We had a summer student a few years ago, and when he left he sent a letter to council. In the letter he shared how, at different times, different members had come to ask him to preach on a topic or preach a certain way. He found this troubling as the members where often making contradictory requests. Council decided that members, if they had a pastoral concerns, they would approach their elder and the topic would be reviewed at the elders meeting with the pastor present.
I appreciate the concern expressed in Reg's solution which the council gave, but that solution does not fit with Scripture (Matthew 18) or Church Order (in CRC polity there is no such thing as an elders meeting with the pastor present. The closest thing we have is consistory which is made up of the elders and the pastor. The difference is that the pastor is a part of the consistory in equal standing to anyone else in the room.) I have also seen that remedy leading to elders making decisions behind a closed door based on a complaint they are told about, creating even more problems. I believe a better scenario would be if a person complained to an elder about the pastor's preaching, for that elder to arrange a meet of that person with the pastor with the elder there to help that person express the criticism without watering it down or abusing the pastor.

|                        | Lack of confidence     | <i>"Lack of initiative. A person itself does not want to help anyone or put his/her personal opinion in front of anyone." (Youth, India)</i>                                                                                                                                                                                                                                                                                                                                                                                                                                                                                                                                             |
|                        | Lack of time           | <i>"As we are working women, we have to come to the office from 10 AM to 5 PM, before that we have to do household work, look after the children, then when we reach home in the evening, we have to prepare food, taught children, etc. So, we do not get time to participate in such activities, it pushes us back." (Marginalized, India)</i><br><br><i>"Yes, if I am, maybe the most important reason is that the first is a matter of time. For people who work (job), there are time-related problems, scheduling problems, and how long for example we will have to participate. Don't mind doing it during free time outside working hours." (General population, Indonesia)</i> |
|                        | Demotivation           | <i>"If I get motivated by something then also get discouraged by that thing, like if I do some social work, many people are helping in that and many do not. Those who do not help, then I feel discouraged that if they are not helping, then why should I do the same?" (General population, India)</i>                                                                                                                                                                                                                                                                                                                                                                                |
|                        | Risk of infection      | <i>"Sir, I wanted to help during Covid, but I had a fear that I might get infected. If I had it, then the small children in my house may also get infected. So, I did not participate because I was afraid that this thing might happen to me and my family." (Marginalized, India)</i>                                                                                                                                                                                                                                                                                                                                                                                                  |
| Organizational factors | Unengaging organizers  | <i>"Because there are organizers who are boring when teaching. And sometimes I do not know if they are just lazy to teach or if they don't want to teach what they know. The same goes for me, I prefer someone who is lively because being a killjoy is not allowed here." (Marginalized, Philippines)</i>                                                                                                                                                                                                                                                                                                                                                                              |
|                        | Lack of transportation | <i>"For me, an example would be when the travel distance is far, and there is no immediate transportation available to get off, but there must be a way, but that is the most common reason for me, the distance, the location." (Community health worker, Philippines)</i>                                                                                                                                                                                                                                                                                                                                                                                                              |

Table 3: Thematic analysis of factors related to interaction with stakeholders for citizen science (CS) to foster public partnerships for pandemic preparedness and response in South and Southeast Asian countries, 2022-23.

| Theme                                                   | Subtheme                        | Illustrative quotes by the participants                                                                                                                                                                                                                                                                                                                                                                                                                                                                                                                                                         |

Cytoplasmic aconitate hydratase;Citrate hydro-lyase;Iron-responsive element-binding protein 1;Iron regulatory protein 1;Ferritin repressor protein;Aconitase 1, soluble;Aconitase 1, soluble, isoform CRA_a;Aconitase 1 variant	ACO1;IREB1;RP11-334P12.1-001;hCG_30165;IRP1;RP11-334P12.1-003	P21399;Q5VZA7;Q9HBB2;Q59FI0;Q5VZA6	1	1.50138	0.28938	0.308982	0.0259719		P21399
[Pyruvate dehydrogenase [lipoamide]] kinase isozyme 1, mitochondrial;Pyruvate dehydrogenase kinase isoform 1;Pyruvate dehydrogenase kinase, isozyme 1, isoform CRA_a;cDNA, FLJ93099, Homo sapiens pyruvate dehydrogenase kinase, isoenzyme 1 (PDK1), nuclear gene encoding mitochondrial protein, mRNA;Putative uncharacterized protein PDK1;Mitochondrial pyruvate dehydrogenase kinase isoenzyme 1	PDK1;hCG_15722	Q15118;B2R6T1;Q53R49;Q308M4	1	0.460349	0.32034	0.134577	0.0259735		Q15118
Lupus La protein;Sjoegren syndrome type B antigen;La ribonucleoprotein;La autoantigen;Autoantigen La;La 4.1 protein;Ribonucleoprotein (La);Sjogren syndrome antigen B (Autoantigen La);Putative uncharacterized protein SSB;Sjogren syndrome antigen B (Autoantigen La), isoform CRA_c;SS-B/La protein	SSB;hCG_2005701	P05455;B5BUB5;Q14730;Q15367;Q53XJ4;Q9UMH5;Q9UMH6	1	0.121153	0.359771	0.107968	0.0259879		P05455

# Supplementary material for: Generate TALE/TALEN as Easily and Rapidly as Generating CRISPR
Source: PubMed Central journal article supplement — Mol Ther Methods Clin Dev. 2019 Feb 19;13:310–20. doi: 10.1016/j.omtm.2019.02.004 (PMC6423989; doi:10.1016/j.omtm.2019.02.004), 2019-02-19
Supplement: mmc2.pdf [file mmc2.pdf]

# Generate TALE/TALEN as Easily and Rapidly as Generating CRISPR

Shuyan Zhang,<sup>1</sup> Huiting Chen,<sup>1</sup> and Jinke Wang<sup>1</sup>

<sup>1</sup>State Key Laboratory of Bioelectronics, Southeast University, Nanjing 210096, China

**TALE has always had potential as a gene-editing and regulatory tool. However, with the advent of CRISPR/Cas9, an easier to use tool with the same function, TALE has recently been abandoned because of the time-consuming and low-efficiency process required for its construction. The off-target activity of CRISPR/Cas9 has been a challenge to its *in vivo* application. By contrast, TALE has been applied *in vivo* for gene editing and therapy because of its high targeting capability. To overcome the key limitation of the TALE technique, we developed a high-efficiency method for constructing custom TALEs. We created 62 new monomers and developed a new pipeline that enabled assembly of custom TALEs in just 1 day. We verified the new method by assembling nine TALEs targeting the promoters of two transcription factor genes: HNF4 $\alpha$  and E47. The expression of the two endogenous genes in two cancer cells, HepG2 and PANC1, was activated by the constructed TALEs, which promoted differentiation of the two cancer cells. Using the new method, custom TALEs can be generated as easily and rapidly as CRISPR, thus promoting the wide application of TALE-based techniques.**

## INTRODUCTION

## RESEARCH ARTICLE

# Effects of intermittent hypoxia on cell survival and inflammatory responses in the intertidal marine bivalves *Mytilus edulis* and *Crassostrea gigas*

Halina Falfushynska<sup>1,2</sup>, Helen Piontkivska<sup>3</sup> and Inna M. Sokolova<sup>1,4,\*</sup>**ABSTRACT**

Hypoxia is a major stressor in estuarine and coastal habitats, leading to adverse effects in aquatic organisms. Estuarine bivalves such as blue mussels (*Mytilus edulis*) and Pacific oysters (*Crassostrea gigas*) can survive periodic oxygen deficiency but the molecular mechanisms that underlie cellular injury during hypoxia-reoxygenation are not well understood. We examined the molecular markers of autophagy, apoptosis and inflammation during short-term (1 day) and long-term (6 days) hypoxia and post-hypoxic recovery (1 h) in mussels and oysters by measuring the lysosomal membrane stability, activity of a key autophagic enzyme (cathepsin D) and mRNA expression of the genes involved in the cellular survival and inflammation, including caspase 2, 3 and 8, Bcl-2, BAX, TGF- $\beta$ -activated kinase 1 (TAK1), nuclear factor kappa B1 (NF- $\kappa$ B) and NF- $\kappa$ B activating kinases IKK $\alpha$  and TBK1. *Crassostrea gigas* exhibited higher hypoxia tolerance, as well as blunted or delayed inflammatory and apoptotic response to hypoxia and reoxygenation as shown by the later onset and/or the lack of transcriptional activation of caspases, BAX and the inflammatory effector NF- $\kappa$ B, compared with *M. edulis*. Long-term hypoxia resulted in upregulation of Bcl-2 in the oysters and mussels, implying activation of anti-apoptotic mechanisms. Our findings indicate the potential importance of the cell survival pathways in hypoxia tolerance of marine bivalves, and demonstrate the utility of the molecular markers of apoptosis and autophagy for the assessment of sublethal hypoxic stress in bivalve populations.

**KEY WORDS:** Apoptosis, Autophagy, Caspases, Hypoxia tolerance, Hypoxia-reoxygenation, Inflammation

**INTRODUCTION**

I would dare say there is high likelihood that those who make a pastor's life miserable are not alone; very possible their parent(s) and even grand parent(s) demonstrated a similar pattern in the history of the church. If this is the case, the congregation should own this and deal with it. Many years ago I consulted with a congregation that exposed this pattern. They knew this but felt helpless in dealing with this individual, who also did all what it took to railroad the consultancy process. My advice was simple & direct; deal with this sore and if you don't as a church you will never become what the rest would hope for. My time with the church seemed unfruitful as we never accomplished what we set out to do. It was a decade plus later that I bumped into a congregation member at Synod who sought me out to share that the church finally dealt with that sore. This small church finally got the guts to show this man the door; a really tough thing to do (or is it?). The report was the church had drastically changed for the better and they atribulted the consultancy process to reveal and help them see that. Go figure!!!